French’s songs, similarly, fell somewhere between light tenor and popular entertainment, and, though they seem sentimental and rather cloying to modern ears, they reached a ready market in a country where emigration made for nostalgia and the willingness to ‘do a turn’, created a need for such songs. In a sense, these songs bridged the gap between the neo-classical material of the likes of Count John McCormack and traditional songs or popular ditties.
In the mid twentieth century, French’s work was championed and performed by a tenor called Brendan O’Dowda from Dundalk, and it would have been his recordings that Justice Dunleavy was imitating in his hotel lounge performances. By coincidence, French died in 1920 at his cousin’s house in Formby, Lancashire, ten miles or so away from where I lived in the 1960s, and is buried there in St Luke’s churchyard. Around 1970, my mother and I attended a small commemoration there, when O’Dowda, every inch the matinee idol, all wavy dark hair, Italian suit and camel coat slung round his shoulders, performed the unveiling of a plaque in French’s memory. A fitting tribute, as these two men had been good for each other.
O’Dowda’s son, also Brendan, is now a Chief Superintendent in Thames Valley Police, and was interviewed this week in the Irish Post. His revelation on how his father was discovered is what set me off on this posting. As a seventeen year old, Brendan was out with some friends in a boat on Carlingford Loch, on the Six Counties Border. Happy to be on holiday, he was singing his heart out. When they came to shore, he was approached by some guests from a nearby hotel, who had heard his strong and true tenor tones floating across the water. They made him an offer: “Come and sing for us in the hotel, and we’ll buy you your dinner”.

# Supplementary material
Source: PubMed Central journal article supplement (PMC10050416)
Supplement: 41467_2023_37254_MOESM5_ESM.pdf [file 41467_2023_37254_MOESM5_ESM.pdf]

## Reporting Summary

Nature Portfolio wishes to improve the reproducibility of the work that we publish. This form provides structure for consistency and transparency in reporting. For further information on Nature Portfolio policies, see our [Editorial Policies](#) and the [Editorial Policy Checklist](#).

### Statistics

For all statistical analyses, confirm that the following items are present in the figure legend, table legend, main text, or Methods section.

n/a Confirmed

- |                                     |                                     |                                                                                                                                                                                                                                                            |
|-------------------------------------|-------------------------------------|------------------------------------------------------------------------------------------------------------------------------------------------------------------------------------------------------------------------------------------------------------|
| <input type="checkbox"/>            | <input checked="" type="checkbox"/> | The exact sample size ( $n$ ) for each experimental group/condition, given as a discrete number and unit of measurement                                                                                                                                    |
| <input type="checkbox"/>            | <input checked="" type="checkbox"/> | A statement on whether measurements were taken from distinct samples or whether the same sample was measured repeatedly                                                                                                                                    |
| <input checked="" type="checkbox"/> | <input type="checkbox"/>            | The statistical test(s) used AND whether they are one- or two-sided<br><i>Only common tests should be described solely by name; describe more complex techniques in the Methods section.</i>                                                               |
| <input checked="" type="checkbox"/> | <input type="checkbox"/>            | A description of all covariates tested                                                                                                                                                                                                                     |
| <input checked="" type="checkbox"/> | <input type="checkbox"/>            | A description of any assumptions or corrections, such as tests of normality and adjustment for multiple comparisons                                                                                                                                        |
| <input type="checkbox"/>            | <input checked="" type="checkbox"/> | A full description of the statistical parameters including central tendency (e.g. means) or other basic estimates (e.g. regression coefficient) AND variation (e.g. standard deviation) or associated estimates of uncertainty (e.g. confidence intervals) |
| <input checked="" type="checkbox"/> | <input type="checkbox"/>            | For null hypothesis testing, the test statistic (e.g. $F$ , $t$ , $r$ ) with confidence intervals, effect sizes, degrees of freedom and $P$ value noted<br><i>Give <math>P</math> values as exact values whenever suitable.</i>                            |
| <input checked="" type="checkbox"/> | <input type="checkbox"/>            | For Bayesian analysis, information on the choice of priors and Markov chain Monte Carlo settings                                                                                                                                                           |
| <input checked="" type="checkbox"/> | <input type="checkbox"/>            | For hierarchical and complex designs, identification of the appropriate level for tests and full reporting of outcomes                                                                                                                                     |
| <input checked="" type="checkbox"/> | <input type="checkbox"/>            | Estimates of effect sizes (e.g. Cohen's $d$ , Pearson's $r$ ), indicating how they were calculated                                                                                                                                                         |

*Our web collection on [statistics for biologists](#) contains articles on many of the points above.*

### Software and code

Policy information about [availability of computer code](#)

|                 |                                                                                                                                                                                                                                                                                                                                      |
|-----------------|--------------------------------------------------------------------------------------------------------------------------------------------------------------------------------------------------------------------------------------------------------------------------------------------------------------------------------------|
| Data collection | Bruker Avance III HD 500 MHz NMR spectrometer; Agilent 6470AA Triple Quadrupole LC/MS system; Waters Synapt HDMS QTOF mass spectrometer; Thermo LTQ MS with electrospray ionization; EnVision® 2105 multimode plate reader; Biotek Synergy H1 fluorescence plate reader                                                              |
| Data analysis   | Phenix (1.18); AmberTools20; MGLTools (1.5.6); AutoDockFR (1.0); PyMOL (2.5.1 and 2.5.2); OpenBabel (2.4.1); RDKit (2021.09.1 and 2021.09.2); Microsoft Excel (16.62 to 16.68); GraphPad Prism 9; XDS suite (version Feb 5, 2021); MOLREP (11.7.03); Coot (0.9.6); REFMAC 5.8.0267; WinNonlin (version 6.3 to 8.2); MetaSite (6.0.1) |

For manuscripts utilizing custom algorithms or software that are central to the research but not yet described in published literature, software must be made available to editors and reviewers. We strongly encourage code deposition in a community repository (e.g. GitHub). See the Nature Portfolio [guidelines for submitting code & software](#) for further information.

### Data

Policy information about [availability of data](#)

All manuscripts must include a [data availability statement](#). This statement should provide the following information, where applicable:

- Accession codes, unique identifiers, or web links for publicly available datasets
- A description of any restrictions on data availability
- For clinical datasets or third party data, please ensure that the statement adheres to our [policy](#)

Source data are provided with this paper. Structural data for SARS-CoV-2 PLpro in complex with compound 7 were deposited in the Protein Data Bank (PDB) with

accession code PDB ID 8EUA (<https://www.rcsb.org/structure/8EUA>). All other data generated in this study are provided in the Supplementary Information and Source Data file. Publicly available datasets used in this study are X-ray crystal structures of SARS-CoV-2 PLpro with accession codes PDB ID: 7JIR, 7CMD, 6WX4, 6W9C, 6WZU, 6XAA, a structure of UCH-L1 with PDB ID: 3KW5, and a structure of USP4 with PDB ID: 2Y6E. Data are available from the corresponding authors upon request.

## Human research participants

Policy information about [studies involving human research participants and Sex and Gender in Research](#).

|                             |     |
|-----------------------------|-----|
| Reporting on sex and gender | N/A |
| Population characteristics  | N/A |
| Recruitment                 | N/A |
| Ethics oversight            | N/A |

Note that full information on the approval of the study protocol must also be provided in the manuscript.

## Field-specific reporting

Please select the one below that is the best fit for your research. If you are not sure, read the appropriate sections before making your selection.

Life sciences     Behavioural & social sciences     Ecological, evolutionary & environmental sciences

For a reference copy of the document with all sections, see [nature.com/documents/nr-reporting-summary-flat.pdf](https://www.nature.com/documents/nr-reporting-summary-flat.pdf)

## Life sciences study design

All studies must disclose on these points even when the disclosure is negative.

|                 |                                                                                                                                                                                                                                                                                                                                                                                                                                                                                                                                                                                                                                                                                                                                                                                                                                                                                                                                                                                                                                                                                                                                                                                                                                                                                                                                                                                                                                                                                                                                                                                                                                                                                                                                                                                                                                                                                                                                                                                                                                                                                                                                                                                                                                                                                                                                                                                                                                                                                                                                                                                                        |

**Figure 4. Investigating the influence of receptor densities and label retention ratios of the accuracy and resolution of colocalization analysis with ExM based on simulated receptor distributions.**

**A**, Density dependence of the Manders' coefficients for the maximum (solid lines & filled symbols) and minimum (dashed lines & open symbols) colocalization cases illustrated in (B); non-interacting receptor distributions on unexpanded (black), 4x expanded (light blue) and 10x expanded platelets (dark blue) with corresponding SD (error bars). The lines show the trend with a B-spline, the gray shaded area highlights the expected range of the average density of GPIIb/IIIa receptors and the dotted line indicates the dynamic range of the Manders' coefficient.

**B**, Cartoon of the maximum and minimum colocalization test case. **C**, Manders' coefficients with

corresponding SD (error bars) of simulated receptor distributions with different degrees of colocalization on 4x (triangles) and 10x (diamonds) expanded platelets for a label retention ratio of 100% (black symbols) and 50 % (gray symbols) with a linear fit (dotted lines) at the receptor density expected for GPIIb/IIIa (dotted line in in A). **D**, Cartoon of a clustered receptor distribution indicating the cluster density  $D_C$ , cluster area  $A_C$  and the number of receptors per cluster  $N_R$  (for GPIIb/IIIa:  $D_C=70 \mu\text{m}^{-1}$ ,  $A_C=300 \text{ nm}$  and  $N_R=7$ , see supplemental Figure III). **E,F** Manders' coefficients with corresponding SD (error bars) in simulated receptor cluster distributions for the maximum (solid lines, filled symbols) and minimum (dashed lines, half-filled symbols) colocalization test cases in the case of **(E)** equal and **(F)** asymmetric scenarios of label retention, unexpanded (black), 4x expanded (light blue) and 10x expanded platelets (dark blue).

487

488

And so was started a long and successful career.
As a lucky break, I can’t help thinking it was more acceptable than the weekly Saturday night ratings bash that serves for talent spotting fifty years later. And the voice, as well as the hinterland, possessed a lot more substance.
I believe it’s something to do with resonance.